In a rare public disclosure, the US agency behind the recent PRISM web-spying scandal has released documents that show it only has access of 1.6% of global internet traffic.
The National Security Agency made the claims in a rare, publicly-released document defending its surveillance programs.
In the seven-page document, the NSA denies claims that is has used foreign partners to circumvent U.S. laws.
The document, titled ‘The National Security Agency: Missions, Authorities, Oversight and Partnerships,’ compares the amount of Internet data that the NSA collects to the size of a dime on a basketball court.
‘According to figures published by a major tech provider, the Internet carries 1,826 Petabytes of information per day. In its foreign intelligence mission, NSA touches about 1.6% of that,’ the agency states. ‘However, of the 1.6% of the data, only 0.025% is actually selected for review.
The net effect is that NSA analysts look at 0.00004% of the world’s traffic in conducting their mission – that’s less than one part in a million.
‘Put another way, if a standard basketball court represented the global communications environment, NSA’s total collection would be represented by an area smaller than a dime on that basketball court.’
The NSA denies claims that is has used foreign partners to get around U.S. laws.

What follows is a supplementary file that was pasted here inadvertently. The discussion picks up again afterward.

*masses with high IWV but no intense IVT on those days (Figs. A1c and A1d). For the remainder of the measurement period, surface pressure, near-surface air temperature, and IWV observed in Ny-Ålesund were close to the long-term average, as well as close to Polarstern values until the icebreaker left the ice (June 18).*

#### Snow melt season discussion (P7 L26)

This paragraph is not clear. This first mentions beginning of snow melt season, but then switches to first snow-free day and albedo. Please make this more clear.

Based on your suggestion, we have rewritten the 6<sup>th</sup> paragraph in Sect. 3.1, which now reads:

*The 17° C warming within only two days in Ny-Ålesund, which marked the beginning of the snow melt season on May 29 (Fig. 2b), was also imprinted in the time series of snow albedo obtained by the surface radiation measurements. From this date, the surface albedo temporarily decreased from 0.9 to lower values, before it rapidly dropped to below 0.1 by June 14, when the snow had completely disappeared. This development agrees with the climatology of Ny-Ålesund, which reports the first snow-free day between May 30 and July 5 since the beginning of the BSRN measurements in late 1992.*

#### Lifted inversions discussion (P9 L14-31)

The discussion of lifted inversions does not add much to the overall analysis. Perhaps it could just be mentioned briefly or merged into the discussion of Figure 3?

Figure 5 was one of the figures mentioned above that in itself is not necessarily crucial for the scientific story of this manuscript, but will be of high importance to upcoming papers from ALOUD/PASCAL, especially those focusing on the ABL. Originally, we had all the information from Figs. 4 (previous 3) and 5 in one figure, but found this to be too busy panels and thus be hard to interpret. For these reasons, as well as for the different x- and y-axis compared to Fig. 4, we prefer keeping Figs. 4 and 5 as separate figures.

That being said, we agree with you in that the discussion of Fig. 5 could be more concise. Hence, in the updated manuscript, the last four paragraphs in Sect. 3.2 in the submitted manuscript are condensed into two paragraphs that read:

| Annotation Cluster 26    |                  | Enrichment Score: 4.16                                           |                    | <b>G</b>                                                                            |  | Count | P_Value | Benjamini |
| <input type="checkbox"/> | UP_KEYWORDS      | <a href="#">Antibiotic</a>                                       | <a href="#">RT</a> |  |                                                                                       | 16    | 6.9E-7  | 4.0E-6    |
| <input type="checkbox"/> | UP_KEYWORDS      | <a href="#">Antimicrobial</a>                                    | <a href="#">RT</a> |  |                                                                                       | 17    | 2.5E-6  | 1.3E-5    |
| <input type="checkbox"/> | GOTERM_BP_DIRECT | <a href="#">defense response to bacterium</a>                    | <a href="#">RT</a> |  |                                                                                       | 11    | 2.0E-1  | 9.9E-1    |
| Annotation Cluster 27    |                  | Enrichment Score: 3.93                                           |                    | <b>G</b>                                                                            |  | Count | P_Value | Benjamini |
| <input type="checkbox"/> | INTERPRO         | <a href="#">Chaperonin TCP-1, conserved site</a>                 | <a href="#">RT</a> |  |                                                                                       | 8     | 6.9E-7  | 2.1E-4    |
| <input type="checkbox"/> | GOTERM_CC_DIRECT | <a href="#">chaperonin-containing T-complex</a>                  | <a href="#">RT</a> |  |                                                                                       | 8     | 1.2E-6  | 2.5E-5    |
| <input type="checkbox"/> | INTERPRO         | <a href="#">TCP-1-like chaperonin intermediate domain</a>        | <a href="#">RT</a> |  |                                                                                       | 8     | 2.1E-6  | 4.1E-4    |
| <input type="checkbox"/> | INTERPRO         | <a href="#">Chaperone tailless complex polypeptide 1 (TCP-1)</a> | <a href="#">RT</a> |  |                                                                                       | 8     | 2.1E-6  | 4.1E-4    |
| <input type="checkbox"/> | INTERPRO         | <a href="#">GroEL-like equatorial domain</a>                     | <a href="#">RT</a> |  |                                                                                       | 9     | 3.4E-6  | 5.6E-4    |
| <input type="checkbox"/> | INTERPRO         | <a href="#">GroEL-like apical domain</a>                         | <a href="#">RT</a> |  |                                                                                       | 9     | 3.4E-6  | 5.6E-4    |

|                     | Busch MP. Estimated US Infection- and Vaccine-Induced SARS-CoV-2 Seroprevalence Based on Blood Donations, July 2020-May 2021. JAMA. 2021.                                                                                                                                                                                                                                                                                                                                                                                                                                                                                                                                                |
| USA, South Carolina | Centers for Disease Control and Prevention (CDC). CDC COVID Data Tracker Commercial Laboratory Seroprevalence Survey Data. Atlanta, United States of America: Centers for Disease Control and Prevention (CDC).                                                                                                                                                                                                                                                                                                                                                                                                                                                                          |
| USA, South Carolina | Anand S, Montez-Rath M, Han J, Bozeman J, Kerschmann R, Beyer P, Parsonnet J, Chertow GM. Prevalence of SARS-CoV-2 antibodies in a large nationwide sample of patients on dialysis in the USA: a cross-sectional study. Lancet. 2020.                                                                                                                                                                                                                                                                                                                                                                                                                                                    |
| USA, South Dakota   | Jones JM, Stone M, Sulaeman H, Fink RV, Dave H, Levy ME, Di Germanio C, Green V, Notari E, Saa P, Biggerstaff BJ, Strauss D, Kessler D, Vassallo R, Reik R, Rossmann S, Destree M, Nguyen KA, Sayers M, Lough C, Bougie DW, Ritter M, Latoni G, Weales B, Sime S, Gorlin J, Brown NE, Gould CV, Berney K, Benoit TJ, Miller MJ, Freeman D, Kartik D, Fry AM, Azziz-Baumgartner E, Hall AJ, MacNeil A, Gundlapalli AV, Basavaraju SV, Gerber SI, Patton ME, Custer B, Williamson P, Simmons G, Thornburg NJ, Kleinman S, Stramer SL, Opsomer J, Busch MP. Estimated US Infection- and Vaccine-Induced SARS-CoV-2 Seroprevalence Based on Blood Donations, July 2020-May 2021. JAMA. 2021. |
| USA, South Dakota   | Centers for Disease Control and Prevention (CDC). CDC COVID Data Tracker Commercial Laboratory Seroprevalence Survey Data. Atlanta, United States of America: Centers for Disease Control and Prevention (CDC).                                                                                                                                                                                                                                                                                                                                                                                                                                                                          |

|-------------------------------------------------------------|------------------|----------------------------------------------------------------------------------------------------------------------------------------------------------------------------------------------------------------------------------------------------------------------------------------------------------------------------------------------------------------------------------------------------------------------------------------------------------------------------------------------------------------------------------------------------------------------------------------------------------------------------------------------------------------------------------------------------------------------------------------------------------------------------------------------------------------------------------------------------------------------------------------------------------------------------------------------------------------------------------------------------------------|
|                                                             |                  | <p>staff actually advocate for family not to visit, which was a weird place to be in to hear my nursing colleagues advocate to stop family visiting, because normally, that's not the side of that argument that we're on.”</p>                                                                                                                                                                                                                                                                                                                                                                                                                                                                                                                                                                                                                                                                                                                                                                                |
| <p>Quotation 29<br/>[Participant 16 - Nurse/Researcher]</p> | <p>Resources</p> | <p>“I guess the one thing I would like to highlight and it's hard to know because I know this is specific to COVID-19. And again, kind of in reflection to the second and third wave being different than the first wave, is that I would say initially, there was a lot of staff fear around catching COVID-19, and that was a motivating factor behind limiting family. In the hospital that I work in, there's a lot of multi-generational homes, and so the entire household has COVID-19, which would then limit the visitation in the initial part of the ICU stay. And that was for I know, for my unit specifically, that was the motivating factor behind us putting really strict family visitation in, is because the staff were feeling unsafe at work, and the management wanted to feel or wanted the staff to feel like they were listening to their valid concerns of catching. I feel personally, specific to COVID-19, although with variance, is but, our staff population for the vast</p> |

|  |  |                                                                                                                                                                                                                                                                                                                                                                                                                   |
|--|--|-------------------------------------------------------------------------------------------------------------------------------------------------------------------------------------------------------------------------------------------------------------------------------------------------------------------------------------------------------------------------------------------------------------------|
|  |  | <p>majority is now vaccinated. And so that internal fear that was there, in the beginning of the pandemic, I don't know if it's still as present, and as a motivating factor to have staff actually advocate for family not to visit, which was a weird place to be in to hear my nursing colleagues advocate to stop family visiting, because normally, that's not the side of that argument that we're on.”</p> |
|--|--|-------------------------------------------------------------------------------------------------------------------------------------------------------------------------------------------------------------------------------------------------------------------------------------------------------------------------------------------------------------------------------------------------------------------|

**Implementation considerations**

‘NSA partners with well over 30 different nations in order to conduct its foreign intelligence mission,’ the agency states. ‘In every case, NSA does not and will not use a relationship with a foreign intelligence service to ask that service to do what NSA is itself prohibited by law from doing.
‘These partnerships are an important part of the US and allied defense against terrorists, cyber threat actors, and others who threaten our individual and collective security. Both parties to these relationships benefit.’
The document has no attribution or contact information. It is dated August 9, 2013 and was released on the same day that President Obama held a news conference about possible surveillance reforms.
In defense of its Internet-monitoring program, the NSA writes that the program was created in the aftermath of the September 11, 2001 terrorist attacks, when the NSA ‘did not have the tools or the database to search to identify [terorrist] connections and share them with the FBI.’
The paper concludes by stating that NSA personnel must report when they suspect the agency is overreaching or not acting within the law.
‘This self-reporting is part of the culture and fabric of NSA,’ the document reads. ‘We do not need to sacrifice civil liberties for the sake of national security; both are integral to who we are as Americans. NSA can and will continue to conduct its operations in a manner that respects both.’
The document was released just hours after Obama defended the U.S. government’s intelligence-gathering policies and outlined initiatives to assuage concerns among Americans and foreigners regarding the legality of U.S. surveillance activities.
The president’s remarks came on the same day the UK newspaper The Guardian, via a top-secret document that came from former National Security Agency system administrator Edward Snowden, confirmed prior reports that the U.S. government had created a secret backdoor, under a legal authority, that allows it to search for e-mails and phone calls of U.S. citizens without a warrant.